There’s Nothing Ordinary about Ordinary Time

I can remember the exact moment when I learned that the designator “ordinary” in the liturgical season “Ordinary Time” is not used to convey the absence of specialness, or the sentiment of commonplace. It was roughly a decade ago (which is to say, welllllll into my life as a Catholic, considering that I was born and raised in a faithfully practicing family) as I prepared to teach a Confirmation prep class on the liturgical year when I discovered that the title of the season is derived from the medieval Latin word ordinale, meaning “to count.” We call Ordinary Time ordinary because we count the weeks — which are named in number order — between the liturgical seasons of Christmas and Lent, and then Easter and Advent.

At the time of discovery, I was blown away. All these years I had thought that we called Ordinary Time “ordinary” because it is less noteworthy than the other five seasons (Advent, Christmas, Lent, Triduum and Easter). These other seasons, after all, are marked by major feast days, joyful celebrations, and special practices that live large within the Catholic imagination (lighting an Advent wreath, or fasting and almsgiving, for instance). But since learning the true meaning of the season’s name, I have grown in awareness of all the ways that Ordinary Time is not at all “ordinary” in the common sense of the word.

Here are three aspects of what makes Ordinary Time a unique and meaningful time in the church calendar.

Ordinary Time takes us through the life of Christ

During most of Ordinary Time, Sunday Mass is marked by a semi-continuous reading of the Synoptic Gospels over the course of three years (designated as Year A, Year B and Year C). In Year A, we read mostly from the Gospel of Matthew, in Year B, we read the Gospel of Mark, and in Year C, we read the Gospel of Luke. While the Gospels are certainly attended to in the other liturgical seasons, it is in a more thematic manner (i.e. readings related to the expectation and birth of Christ in Advent and Christmas; readings related to the suffering and eventual death of Jesus in Lent and Triduum).

Ordinary Time, however, takes us through the bulk of Jesus’s teaching ministry.  For instance, it’s during ordinary time that we hear the parables, the miracle stories, and gems like the Beatitudes and the Greatest Commandment. It may be heavy handed to say this, but I’m going to do it anyway, because it feels so true: the Gospels in Ordinary Time are the meat and potatoes of what it means to be a Christian. They show us how Jesus lived, they share with us Jesus’s teachings, and they call us to follow him. This is important stuff.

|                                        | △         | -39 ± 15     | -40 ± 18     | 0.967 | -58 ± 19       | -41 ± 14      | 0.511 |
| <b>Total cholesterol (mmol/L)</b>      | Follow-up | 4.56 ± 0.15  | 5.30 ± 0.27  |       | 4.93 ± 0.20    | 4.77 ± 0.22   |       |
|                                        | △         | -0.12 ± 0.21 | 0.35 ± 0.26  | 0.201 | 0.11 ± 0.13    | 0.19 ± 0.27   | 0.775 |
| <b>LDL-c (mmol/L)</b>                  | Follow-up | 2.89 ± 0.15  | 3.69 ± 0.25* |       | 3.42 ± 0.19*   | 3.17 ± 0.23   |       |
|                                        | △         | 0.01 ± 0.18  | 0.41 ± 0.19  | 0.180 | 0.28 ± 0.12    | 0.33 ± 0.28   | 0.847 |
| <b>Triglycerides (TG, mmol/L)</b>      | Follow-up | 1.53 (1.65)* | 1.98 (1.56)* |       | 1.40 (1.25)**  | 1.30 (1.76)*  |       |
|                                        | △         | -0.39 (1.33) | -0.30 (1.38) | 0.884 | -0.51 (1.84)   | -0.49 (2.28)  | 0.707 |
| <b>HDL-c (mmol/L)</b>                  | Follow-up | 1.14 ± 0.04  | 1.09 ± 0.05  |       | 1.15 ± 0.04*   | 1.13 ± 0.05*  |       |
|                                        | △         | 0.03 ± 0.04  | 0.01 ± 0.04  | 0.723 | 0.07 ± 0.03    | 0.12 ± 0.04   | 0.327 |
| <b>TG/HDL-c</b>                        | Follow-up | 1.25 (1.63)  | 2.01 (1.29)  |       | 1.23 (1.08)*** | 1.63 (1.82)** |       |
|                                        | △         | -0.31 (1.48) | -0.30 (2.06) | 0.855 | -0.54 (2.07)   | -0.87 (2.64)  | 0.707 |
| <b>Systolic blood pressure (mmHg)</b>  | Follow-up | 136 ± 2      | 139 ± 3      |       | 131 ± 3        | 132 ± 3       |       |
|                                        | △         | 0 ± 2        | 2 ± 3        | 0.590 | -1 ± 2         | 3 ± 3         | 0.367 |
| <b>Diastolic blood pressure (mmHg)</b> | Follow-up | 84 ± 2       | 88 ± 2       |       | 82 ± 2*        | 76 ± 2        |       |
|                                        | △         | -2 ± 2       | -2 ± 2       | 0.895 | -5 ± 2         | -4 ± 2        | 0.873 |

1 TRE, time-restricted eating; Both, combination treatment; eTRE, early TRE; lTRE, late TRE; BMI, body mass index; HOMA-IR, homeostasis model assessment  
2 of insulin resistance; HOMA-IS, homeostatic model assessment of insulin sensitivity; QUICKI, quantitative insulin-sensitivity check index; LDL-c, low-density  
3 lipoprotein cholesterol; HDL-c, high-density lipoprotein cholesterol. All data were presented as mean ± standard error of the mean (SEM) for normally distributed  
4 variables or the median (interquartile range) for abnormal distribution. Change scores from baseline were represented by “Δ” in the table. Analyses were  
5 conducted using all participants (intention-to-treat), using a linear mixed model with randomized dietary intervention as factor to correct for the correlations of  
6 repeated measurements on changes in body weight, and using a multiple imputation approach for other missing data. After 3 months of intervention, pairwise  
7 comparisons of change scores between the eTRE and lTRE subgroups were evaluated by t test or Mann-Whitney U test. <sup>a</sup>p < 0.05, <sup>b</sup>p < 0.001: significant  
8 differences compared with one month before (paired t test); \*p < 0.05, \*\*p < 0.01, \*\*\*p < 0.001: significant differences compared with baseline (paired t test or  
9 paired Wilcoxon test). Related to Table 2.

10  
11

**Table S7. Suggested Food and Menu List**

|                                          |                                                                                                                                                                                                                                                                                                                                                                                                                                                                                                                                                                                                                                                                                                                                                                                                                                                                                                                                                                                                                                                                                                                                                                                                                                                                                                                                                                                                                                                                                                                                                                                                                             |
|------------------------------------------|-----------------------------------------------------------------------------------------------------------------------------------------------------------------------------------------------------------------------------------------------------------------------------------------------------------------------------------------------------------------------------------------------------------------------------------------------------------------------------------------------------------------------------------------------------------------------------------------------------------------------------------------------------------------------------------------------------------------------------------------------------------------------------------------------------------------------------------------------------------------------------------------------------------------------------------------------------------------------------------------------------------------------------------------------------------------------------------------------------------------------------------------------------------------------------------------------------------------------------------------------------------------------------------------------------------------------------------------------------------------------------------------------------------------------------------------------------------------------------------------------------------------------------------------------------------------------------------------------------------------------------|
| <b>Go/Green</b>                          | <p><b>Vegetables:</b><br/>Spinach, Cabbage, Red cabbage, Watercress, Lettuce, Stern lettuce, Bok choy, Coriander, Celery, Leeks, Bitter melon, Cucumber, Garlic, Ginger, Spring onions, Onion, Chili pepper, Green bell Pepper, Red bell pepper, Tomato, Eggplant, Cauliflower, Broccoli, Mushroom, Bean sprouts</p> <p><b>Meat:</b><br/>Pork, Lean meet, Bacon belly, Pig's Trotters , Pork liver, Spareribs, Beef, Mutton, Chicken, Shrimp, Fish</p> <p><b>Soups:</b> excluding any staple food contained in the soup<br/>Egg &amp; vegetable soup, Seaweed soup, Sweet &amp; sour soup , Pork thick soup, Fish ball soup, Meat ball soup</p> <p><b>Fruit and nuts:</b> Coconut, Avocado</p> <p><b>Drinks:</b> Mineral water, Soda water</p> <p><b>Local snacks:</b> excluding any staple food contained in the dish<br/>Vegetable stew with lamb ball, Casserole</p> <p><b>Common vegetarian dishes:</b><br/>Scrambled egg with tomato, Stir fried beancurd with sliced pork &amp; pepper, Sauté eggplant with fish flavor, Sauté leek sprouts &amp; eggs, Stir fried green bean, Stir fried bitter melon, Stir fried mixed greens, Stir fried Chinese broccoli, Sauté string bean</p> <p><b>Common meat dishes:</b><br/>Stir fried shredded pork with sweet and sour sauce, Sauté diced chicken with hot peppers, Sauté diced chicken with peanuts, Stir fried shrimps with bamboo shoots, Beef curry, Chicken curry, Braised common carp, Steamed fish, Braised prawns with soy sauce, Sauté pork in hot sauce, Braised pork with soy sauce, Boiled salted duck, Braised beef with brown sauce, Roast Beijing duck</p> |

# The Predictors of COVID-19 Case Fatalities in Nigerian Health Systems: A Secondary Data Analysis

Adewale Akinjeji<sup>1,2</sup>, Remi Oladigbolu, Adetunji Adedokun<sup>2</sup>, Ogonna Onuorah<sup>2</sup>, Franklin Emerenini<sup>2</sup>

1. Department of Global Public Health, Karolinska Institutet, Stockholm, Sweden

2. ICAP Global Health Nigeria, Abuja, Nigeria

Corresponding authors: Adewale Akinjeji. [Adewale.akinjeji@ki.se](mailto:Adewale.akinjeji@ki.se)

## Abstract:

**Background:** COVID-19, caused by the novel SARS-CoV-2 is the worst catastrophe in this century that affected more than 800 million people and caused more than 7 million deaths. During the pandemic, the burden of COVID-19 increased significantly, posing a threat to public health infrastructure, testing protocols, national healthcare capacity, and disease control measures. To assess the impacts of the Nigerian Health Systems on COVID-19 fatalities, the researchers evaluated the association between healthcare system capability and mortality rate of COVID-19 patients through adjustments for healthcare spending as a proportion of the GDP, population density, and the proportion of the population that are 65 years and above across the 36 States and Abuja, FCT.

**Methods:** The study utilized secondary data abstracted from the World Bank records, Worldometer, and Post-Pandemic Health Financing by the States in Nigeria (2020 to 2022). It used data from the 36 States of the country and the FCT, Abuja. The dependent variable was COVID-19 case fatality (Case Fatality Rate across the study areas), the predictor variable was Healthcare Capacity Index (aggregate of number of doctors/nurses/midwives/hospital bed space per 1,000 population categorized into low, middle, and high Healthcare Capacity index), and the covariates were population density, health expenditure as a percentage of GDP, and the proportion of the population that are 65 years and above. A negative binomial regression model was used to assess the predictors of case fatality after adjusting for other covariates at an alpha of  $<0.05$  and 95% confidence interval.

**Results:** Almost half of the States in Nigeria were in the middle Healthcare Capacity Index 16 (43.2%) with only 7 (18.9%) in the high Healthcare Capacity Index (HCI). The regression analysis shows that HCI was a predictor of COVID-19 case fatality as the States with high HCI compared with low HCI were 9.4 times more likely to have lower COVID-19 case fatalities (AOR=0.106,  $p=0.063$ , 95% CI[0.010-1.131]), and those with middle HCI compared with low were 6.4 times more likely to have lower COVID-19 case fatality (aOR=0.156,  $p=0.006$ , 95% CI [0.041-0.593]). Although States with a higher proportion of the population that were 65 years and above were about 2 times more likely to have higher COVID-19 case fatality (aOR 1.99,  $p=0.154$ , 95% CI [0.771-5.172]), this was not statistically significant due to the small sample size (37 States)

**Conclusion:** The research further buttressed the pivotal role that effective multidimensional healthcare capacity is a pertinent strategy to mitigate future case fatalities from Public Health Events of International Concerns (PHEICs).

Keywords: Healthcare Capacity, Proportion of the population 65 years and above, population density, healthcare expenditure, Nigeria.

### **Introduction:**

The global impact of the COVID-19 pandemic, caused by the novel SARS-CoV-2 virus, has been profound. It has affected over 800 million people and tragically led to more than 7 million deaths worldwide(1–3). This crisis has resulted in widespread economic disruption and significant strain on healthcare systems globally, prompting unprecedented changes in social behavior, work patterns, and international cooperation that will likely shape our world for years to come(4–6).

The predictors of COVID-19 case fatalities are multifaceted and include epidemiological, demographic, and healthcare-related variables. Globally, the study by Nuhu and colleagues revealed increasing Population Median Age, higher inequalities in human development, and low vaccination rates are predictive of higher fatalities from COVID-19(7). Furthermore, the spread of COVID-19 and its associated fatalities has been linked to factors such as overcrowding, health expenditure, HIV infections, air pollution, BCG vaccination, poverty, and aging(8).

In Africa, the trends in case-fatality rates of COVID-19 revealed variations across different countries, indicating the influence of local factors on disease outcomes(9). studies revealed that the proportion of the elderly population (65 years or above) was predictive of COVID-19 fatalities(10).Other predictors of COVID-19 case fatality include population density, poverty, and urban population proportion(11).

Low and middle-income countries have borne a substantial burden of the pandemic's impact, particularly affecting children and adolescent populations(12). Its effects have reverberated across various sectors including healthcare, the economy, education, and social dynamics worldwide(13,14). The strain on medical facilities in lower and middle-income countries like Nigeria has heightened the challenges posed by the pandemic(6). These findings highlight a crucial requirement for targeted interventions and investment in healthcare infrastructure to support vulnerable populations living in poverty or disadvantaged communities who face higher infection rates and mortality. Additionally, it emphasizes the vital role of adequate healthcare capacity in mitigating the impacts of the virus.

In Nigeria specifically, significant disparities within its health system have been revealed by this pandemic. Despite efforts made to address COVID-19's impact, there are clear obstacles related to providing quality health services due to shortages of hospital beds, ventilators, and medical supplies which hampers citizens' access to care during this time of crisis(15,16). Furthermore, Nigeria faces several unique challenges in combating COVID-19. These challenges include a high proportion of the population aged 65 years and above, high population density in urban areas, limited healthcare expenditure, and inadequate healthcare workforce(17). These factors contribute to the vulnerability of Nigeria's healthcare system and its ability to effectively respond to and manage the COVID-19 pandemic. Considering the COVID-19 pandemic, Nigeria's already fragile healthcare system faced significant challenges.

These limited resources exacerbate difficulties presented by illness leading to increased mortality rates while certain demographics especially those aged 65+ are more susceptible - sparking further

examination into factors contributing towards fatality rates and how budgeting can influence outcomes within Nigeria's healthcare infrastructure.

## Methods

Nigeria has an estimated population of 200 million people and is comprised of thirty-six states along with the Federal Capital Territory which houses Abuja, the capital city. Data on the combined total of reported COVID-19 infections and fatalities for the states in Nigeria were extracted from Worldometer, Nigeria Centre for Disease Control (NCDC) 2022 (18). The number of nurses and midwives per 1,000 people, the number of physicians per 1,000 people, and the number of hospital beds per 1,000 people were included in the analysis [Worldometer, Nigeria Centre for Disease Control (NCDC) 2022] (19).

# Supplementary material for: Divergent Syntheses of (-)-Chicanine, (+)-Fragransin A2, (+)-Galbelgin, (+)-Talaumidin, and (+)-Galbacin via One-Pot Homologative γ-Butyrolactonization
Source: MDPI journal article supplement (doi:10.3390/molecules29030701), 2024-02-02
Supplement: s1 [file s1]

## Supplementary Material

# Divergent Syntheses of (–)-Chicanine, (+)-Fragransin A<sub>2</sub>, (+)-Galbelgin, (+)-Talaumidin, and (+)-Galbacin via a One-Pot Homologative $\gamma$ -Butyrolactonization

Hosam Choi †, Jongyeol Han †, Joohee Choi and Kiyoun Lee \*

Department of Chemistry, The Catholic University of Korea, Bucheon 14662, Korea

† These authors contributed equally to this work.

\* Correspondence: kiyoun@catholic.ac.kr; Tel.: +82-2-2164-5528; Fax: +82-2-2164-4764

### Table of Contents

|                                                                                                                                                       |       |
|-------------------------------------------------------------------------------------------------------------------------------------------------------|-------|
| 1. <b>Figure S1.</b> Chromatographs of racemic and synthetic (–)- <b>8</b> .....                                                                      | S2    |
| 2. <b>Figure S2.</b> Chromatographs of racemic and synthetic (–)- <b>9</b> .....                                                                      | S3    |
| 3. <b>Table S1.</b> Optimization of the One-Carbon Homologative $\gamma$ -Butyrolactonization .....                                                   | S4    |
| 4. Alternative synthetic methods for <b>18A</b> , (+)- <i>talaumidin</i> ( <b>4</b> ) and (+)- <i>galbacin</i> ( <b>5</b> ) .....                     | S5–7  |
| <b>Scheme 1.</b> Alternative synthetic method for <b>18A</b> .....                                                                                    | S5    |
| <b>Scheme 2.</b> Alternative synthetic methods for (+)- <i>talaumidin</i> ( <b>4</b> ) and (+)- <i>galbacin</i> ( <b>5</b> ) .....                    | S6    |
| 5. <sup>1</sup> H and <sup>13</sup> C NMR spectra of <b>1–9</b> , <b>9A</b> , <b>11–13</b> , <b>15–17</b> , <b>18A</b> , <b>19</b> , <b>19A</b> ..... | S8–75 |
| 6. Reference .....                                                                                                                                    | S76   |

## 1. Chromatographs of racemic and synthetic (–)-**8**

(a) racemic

Ordinary Time is full of significant memorials and feast days

Easter and Christmas might be the most memorable Feast Days of the liturgical year… but they are far from being the only feast days, and given the length of Ordinary Time, there are quite a few liturgically important feasts packed into the weeks between the end of the Christmas Season and Ash Wednesday, and then the end of Eastertide and the first Sunday of Advent.

For instance, many Saint Days of note fill these weeks. In the first several weeks of Ordinary Time alone we remember Saint Anthony the Abbot, St. Agnes, Saint Frances de Sales, Saints Timothy and Titus, St. Thomas Aquinas and Saint John Bosco, as well as the Conversion of St. Paul. Each of these saints' days (and the many others whose feast days fill the liturgical year) are instances to call to mind the faithful members of the Body of Christ who have walked the earth in the decades, centuries and millennia following Jesus’s life and death. As we remember the saints, we are invited to learn from their lives and follow in their footsteps.

Additionally, two important solemnities that occur during Ordinary Time are the Solemnity of the Assumption of the Blessed Virgin Mary and the Solemnity of All Saints. During the former, we are reminded of the unique role that Mary served in our salvation history, and during the latter, we honor and celebrate the vast majority of Christian saints who don’t have a specific feast day to celebrate their lives. On All Saints Day, we remember all of the men and women who have gone before us whose lives were marked by Christian faith and action in the world.

Ordinary Time presents us with opportunities for conversion, growth and maturation

The United States Council of Catholic Bishops describes Ordinary Time as “the time of conversion,” “a time for growth and maturation,” and “a time in which the mystery of Christ is called to penetrate ever more deeply into history.” In other words, it’s not a season to be taken lightly. During Ordinary Time, we are invited to dig more deeply into our own inner, spiritual lives as we walk through the life and teachings of Jesus. It’s a time for reflection on our relationships, our vocations, our everyday action in the world. It’s a time to seek change where it is needed, to dive deeper into Scripture and Tradition, and to pursue ever more sincerely a life of discipleship.

Suffice it to say, Ordinary Time is anything but ordinary. May we all use this season to immerse ourselves in the life of Christ; to learn from the saints whom we celebrate throughout the weeks; and to seek continual conversion of heart.

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